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Park preservation officials are working to develop a forensic system to track down people who deliberately poison wildlife such as vultures and hyenas.

The system, which is being developed by the Israel Nature and Parks Authority and researchers from Ben-Gurion University of the Negev and Tel Aviv University, is intended to trace the pesticides used to poison wildlife to the person who handled the bags that contain it. It will be similar to forensics laboratories used by the police.

If nothing is done, vultures could become extinct on the Golan Heights, said Noam Lidar, the parks authority's chief ecologist.

"We believe that in 25 years the population of vultures in the Golan Heights will become extinct if we don't take care of the problem," Lidar said, adding that hyenas, badgers, greater spotted eagles and imperial eagles have also been poisoned.

"In one case we found 101 jackals poisoned in one location," he said. "At Gamla we saw a poisoned vulture return to the nest and fall dead from the cliff. The chicks in the nest died from secondary poisoning."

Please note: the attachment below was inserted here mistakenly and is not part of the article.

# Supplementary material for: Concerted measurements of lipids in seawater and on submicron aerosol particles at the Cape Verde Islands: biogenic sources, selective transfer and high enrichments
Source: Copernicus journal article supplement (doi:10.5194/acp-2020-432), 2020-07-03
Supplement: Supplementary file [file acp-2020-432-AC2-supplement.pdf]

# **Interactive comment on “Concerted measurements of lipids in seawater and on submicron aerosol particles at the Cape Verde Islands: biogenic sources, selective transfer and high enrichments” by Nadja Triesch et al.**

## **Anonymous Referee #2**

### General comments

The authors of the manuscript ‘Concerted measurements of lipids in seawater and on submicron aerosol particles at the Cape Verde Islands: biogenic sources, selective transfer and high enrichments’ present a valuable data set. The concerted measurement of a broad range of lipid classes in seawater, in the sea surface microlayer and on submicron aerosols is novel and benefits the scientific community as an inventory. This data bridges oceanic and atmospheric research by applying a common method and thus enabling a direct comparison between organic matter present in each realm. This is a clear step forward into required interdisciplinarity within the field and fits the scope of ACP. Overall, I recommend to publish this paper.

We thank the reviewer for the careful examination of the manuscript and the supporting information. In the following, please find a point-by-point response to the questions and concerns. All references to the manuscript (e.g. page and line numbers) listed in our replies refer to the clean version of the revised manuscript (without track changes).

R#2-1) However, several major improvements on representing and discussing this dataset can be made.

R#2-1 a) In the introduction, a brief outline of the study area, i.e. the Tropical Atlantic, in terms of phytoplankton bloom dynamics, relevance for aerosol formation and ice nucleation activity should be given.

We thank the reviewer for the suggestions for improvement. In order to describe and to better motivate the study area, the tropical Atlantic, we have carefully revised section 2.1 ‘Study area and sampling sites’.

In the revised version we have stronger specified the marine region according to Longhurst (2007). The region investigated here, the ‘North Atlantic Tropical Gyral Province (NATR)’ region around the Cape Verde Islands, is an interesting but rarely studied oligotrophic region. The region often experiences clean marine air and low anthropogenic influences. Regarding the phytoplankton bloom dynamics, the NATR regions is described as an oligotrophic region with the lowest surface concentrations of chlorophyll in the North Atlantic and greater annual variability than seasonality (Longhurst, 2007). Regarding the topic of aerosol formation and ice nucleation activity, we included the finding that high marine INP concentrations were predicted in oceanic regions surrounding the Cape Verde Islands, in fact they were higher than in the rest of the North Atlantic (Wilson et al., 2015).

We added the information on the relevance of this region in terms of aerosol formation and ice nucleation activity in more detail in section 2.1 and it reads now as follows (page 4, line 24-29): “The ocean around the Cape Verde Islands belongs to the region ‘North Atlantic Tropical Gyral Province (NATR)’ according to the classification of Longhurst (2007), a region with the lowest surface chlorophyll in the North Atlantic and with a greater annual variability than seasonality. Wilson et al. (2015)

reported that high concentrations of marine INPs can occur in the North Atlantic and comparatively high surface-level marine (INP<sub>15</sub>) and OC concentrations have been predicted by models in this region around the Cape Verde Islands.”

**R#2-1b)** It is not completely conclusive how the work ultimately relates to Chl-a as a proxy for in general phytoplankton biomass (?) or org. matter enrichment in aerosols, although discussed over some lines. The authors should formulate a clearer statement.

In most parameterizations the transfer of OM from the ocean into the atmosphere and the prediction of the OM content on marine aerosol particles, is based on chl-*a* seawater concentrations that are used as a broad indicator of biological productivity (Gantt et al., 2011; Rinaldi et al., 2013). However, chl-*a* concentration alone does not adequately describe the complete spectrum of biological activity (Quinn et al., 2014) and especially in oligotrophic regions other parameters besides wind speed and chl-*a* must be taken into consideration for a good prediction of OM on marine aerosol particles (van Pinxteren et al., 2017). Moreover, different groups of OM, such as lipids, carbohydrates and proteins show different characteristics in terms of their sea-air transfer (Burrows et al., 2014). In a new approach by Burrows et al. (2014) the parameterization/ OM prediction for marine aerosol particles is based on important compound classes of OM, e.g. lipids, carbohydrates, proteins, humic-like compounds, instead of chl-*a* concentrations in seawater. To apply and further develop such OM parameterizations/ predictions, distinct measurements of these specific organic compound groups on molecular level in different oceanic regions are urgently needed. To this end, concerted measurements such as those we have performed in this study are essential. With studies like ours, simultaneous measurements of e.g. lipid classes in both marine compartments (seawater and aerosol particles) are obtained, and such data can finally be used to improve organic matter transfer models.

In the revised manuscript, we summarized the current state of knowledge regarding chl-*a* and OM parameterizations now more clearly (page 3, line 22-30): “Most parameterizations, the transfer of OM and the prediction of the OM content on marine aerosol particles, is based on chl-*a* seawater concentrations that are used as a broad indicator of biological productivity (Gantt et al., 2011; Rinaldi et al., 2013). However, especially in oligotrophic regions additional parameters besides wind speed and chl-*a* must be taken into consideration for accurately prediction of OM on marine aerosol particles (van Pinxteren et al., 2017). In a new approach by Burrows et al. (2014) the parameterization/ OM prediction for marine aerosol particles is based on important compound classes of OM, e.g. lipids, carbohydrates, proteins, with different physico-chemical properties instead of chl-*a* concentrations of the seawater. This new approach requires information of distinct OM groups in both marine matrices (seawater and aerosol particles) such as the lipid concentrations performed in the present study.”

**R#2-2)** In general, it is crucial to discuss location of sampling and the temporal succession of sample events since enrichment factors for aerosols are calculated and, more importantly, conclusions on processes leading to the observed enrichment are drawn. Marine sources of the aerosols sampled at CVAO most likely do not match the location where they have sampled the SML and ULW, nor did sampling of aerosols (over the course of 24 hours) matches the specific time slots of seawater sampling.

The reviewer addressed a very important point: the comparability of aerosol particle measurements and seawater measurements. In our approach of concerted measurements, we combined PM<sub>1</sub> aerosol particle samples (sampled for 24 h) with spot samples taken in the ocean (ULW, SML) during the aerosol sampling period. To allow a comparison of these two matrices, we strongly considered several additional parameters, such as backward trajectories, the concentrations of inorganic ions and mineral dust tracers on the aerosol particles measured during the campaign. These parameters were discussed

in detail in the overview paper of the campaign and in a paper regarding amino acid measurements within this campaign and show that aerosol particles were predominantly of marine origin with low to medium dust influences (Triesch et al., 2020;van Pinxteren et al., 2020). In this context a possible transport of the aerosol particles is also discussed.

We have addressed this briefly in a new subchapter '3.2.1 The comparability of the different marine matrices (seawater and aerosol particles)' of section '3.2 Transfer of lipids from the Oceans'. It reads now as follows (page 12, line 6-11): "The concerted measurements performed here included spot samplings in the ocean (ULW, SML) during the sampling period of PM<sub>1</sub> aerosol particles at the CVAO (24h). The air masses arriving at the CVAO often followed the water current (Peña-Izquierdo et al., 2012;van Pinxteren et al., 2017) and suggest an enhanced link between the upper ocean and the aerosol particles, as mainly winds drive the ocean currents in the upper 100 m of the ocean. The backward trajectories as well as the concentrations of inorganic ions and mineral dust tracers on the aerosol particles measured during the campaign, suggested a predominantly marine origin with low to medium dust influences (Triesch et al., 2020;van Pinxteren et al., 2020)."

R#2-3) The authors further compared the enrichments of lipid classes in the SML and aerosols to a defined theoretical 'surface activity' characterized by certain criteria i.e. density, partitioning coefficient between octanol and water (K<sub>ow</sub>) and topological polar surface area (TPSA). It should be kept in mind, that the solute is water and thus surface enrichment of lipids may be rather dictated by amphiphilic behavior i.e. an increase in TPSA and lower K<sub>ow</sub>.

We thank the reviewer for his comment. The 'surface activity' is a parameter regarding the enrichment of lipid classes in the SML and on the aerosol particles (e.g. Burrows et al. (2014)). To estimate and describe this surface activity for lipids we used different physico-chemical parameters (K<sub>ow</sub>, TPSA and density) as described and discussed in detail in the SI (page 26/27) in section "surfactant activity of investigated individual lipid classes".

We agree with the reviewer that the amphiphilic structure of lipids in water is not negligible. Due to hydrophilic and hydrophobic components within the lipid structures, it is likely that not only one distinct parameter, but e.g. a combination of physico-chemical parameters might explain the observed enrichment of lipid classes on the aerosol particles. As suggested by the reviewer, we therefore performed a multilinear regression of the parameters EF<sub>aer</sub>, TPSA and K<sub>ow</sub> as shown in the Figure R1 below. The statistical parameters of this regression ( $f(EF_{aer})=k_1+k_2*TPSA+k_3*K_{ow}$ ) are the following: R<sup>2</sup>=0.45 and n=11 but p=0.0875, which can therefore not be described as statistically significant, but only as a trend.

In almost all cases of wildlife poisoning in Israel, farmers intentionally try to kill animals such as vultures and hyenas, usually because they view them as endangering their crops, the parks authority said yesterday.

The preservation group said 60 percent of the incidents were due to concern over crops and 95 percent were deliberate. The second leading reason for wildlife poisoning, at 35 percent, is feuds between neighbors.

There are about 120 documented cases of poisoning every year, but the actual number is believed to be four times as high.

It is difficult to prove who is responsible for spreading poison, since it is left in open areas. Between 2004 and 2007, only 20 people have been charged with attempting to poison wildllife, and only four suspects have been convicted.

The farmers start the cycle of poisoning when they leave out garbage that attracts wildlife that preys on their farm animals, nature authority officials said. The farmers then try to poison the intruders with pesticides that damage the central nervous system, killing other animals in the process - and potentially harming people too.

"I don't what to think about what might happen to a hiker who touches a poisoned animal," Lidar said. "If these poisons even touch the skin, they can be fatal."

As part of the nature authority's efforts to combat the poisoning, it has recently begun collecting animal carcasses from Bedouin areas in the Negev. It is also seeking stricter laws to punish poisoners and increase monitoring of pesticide use.